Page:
Food Safety Standards Addressed in the Produce Safety Rule

This page is an abstract and is not intended to provide all requirements in detail. Please review the rule for a more complete description of the standards. 

The Produce Safety Rule describes good agricultural practice standards that covered farms must follow to comply with the rule.  Here is a summary of those procedures:

Training/Assignment for Responsibility (Subpart C of the Rule)

Both old tales and new misinformation on the internet can influence our perception of what causes foodborne illness.  Therefore, training is a key component of most regulations relating to food safety, the PSR included.  The rule says:

  • At least one responsible person must complete training equivalent to the standardized curriculum recognized by FDA (Produce Safety Alliance Grower training).
  • Assign at least one person the responsibility to ensure compliance with the rule—this person is in charge of your food safety program.
  • All workers (and those that supervise them) must be trained when hired and periodically after, at least yearly.  This includes temporary, part time, seasonal workers, family members, and volunteers (i.e. CSA members fulfilling a work requirement).

Worker Health and Hygiene (Subpart D of the Rule)

Training and Practice

People have a huge role in keeping our food safe.  They carry the pathogens that cause illness on their hands, skin, and in their gastrointestinal and respiratory tracts.  The rule says:

  • Handwashing, personal cleanliness, wearing clean clothes, not smoking or eating on the job, proper glove use, etc. are all practices and policies farm workers must know, understand, and follow.
  • The responsible person must train workers regarding health, hygiene, and food safety.
  • Training must go beyond specific health and hygiene practices.

Workers must know how they can impact the safety of the food they are handling. They must be trained regarding ANY tasks that relate to the safety of the food (i.e. how to clean and sanitize harvest bins; safe harvesting practices; preventing the contamination of food contact surfaces; how to mix sanitizer, etc.)

Employee Health

Sick workers or those with an infection can be the source of the pathogens that cause foodborne illness.  The rule says:

  • The supervisor must have policies, procedures and training in place to prevent ill or infected persons from contaminating produce.
  • You must exclude any person from working if they have an applicable health condition.  What are applicable health conditions?  Communicable illnesses that present a risk: infection, open lesion, vomiting, and diarrhea.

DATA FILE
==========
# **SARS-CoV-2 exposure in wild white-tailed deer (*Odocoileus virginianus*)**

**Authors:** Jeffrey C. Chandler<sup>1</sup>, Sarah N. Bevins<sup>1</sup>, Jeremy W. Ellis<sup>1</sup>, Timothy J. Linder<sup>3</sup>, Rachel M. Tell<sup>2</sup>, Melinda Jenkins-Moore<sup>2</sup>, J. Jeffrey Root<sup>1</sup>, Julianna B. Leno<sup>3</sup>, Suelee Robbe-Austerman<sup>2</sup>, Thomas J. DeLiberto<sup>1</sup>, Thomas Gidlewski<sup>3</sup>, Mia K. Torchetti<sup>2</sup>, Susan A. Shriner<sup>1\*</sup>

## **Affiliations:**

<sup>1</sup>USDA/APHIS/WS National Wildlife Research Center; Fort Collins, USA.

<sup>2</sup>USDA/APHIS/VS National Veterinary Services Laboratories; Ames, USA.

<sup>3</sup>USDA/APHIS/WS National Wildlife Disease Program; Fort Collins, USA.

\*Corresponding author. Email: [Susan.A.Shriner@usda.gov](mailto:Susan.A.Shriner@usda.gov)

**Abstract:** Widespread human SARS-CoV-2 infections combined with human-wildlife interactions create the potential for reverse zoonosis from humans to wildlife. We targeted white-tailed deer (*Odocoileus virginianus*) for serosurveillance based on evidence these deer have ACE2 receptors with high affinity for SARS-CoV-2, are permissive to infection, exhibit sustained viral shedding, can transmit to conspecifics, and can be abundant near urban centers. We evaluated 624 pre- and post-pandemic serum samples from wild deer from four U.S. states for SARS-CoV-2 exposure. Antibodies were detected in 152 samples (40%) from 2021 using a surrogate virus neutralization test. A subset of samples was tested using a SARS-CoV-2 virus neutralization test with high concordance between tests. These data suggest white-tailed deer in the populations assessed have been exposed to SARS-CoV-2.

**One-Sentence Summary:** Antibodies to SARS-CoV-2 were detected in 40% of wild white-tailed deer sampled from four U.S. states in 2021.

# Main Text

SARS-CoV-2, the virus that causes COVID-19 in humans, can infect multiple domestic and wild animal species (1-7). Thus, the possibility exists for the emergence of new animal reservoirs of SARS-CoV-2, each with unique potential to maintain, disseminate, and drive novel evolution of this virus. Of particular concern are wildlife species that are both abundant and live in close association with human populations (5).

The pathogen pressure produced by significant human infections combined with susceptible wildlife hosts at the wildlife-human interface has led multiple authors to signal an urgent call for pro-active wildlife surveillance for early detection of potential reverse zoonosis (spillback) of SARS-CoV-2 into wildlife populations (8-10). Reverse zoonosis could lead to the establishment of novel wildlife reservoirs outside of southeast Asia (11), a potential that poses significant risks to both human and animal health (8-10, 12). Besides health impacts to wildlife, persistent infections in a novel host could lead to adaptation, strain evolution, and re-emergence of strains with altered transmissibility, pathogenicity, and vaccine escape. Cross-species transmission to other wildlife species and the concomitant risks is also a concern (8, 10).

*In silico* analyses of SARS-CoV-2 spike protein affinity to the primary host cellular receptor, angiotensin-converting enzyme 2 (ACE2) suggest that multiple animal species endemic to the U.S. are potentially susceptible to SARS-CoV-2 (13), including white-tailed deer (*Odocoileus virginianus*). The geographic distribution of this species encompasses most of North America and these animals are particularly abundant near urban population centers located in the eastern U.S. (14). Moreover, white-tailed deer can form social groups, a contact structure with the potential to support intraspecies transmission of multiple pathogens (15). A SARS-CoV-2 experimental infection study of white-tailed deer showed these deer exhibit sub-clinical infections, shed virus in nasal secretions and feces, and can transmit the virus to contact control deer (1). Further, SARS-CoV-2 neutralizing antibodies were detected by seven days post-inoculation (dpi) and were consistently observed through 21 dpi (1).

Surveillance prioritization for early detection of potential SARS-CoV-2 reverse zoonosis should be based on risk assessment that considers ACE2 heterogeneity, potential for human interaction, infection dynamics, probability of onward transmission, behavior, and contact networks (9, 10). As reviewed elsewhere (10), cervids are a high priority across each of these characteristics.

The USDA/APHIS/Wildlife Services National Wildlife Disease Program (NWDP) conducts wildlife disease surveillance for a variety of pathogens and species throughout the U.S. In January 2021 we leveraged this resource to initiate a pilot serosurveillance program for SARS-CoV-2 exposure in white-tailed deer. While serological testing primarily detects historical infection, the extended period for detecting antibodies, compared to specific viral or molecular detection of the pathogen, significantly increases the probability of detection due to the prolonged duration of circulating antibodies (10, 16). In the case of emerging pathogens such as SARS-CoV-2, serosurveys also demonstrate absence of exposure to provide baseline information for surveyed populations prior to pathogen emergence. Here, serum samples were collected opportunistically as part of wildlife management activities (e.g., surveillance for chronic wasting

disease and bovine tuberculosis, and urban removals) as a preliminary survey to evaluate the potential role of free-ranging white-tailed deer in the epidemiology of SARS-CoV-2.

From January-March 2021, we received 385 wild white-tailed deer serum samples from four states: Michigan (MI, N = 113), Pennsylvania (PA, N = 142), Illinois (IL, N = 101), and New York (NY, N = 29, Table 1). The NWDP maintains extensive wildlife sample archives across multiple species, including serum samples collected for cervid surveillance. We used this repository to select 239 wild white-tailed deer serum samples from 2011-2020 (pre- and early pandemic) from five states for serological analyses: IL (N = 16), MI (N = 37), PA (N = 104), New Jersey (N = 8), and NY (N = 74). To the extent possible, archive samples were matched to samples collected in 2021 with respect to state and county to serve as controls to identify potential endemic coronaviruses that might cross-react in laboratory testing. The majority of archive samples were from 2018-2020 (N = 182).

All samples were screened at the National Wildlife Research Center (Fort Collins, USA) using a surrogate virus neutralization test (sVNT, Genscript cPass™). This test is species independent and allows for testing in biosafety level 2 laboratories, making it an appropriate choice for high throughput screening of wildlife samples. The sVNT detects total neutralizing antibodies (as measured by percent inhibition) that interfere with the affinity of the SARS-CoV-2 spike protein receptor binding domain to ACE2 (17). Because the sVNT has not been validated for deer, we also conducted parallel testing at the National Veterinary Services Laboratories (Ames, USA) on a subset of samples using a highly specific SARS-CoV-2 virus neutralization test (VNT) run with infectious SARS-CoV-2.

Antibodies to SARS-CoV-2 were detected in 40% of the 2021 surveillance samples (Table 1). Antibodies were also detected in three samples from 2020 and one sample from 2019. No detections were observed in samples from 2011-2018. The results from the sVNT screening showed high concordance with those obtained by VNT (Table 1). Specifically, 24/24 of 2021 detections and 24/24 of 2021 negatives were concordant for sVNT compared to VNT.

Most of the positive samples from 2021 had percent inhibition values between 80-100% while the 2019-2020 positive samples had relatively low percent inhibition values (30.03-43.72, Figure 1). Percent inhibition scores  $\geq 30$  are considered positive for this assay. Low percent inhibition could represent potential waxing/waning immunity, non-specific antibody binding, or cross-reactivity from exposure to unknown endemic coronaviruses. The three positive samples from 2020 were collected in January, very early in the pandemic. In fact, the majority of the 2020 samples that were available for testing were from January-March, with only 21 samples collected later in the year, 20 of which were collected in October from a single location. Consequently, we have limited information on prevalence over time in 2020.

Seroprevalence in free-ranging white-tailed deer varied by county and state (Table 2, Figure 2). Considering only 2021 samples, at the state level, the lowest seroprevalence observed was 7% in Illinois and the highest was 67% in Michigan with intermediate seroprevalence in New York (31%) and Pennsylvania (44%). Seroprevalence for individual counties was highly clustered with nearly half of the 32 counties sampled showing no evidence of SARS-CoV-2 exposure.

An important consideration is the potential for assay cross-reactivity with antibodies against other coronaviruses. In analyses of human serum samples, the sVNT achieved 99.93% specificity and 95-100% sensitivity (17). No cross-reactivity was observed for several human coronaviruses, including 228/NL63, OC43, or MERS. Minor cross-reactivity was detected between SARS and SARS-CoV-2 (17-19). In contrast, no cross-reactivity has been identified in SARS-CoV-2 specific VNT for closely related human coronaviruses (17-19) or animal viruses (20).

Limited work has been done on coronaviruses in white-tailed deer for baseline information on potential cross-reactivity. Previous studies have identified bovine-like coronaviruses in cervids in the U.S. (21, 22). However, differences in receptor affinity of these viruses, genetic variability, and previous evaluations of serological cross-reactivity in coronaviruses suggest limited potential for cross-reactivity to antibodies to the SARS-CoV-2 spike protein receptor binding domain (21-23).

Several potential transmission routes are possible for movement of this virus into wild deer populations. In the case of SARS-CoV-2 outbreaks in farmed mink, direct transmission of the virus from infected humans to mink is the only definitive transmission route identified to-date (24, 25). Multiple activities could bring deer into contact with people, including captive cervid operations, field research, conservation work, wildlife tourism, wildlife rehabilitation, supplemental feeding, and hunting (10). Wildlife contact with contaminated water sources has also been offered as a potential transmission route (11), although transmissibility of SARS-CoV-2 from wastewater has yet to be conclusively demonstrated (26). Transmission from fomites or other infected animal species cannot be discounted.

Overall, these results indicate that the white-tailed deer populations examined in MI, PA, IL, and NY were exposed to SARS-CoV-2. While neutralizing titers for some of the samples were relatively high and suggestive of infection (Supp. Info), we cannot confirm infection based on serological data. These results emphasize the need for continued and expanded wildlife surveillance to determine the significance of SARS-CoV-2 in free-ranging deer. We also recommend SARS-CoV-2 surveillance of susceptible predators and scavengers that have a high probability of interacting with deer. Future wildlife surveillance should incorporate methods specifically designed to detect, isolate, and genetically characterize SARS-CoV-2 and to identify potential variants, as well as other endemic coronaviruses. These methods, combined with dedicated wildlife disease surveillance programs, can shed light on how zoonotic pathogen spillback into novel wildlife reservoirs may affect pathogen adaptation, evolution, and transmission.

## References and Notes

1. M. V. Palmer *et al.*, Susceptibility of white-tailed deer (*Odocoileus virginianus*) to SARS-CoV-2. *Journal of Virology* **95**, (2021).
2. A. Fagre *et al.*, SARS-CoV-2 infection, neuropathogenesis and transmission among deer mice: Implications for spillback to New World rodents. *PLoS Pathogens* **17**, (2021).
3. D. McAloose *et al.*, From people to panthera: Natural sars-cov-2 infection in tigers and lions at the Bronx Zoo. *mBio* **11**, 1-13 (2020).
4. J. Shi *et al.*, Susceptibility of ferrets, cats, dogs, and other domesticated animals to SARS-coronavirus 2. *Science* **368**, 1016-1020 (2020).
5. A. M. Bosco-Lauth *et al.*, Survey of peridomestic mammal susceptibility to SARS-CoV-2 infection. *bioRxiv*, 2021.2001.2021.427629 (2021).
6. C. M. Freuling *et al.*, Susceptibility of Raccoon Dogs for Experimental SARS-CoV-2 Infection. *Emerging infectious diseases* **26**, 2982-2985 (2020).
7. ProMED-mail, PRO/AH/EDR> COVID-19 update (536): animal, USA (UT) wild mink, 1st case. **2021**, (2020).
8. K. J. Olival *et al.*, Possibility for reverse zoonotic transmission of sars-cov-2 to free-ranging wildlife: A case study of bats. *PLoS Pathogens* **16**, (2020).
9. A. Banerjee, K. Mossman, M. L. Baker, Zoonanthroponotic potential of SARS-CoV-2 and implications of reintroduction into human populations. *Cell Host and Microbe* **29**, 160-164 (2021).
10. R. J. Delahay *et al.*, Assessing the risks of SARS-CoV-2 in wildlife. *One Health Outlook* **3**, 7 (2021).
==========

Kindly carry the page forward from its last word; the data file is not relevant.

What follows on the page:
• Personnel must be trained to tell their supervisor if they have, or if there is a reasonable possibility that they have these health conditions.
  • Restrooms and hand washing stations must be available to workers.  Workers need to be able to get to restrooms easily so they are not tempted to go on/near the field.

Visitors, including those attending a pick your own operation or working as a CSA member, need to be made aware of food safety practices and must have access to toilet and hand washing facilities.  There is flexibility regarding how you do this: training meetings or newsletters for CSA members; signage for pick your own operations; and “contracts” or “written agreements” with school tour groups are a few examples.

Agricultural Water (Subpart E of the Rule)

“All agricultural water must be safe and of adequate sanitary quality for its intended use.”

This part of the rule addresses water quality standards, inspection, maintenance, and testing requirements for water used in production, harvest, and post-harvest handling.

The definition of agricultural water is very important to this rule. It only applies to water that is intended to or likely to contact covered produce or food contact surfaces.  Direct water application could include overhead irrigation of tomatoes, but probably not drip irrigation of tomatoes (but maybe drip for carrots); any post-harvest application is considered agricultural water.

At the beginning of growing season or at least once annually, inspect your entire agricultural water system, including:

  • Water sources (ponds, streams, wells, municipal sources)
  • Distribution systems (irrigation systems, including drip systems; pesticide application; systems that bring water to packing facilities)
  • Facilities (presence of sewer/septic systems, wastewater disposal)
  • Equipment (consider cross connections in pesticide applicator systems, toilets, hoses, etc.)

During your inspection, identify any conditions that are reasonably likely to introduce known or reasonably foreseeable hazards into or onto covered produce or food contact surfaces.

Pre-Harvest/Production Water

The FDA published a final rule that revised pre-harvest agricultural water provisions of Subpart E of the Produce Safety Rule.  Compliance dates, based on farm size are as follows:

  • The effective date for this Rule is July 5, 2024.
  • Large farms:  9 months after the effective date, April 7, 2023
  • Small farms:  1 year and 9 months after the effective date, April 6, 2026
  • Very small farms:  2 years and 9 months after the effective date, April 5, 2027

The rule replaces the previous pre-harvest water microbial quality criteria and testing requirements for covered produce (other than sprouts) with requirements for pre-harvest agricultural water assessments to help farmers identify hazards associated with their water systems and use and to address the management of those hazards.   In addition, if farms identify hazards, the Rule outlines corrective or mitigation measures that must be implemented to address them.

Farmers need to document that the inspection and assessment took place and any actions taken to address an inadequate water system or hazards that might introduce risks to your product.

Farmers must adequately maintain all water sources, to the extent they are under their control; and the water distribution system to the extent it is under their control.

Harvest and Post-Harvest Water

The new Rule regarding Pre-Harvest water has no bearing on the regulation of harvest and post-harvest water or water used in sprout production.  The original Rule requirements remain in effect.

For water used to irrigate sprouts, or to directly apply to produce during harvest or post-harvest; for food contact surfaces; or in hand-washing, the standard is no detectable generic E. coli per 100mL.  Municipal water sources and tested wells are acceptable for these uses. Test wells at least annually, prior the seasonal use for handwashing, produce washing or cooling or cleaning and sanitizing activities.  Keep water test records.  If using municipal water, annual water test results the supplier provides would meet the requirements.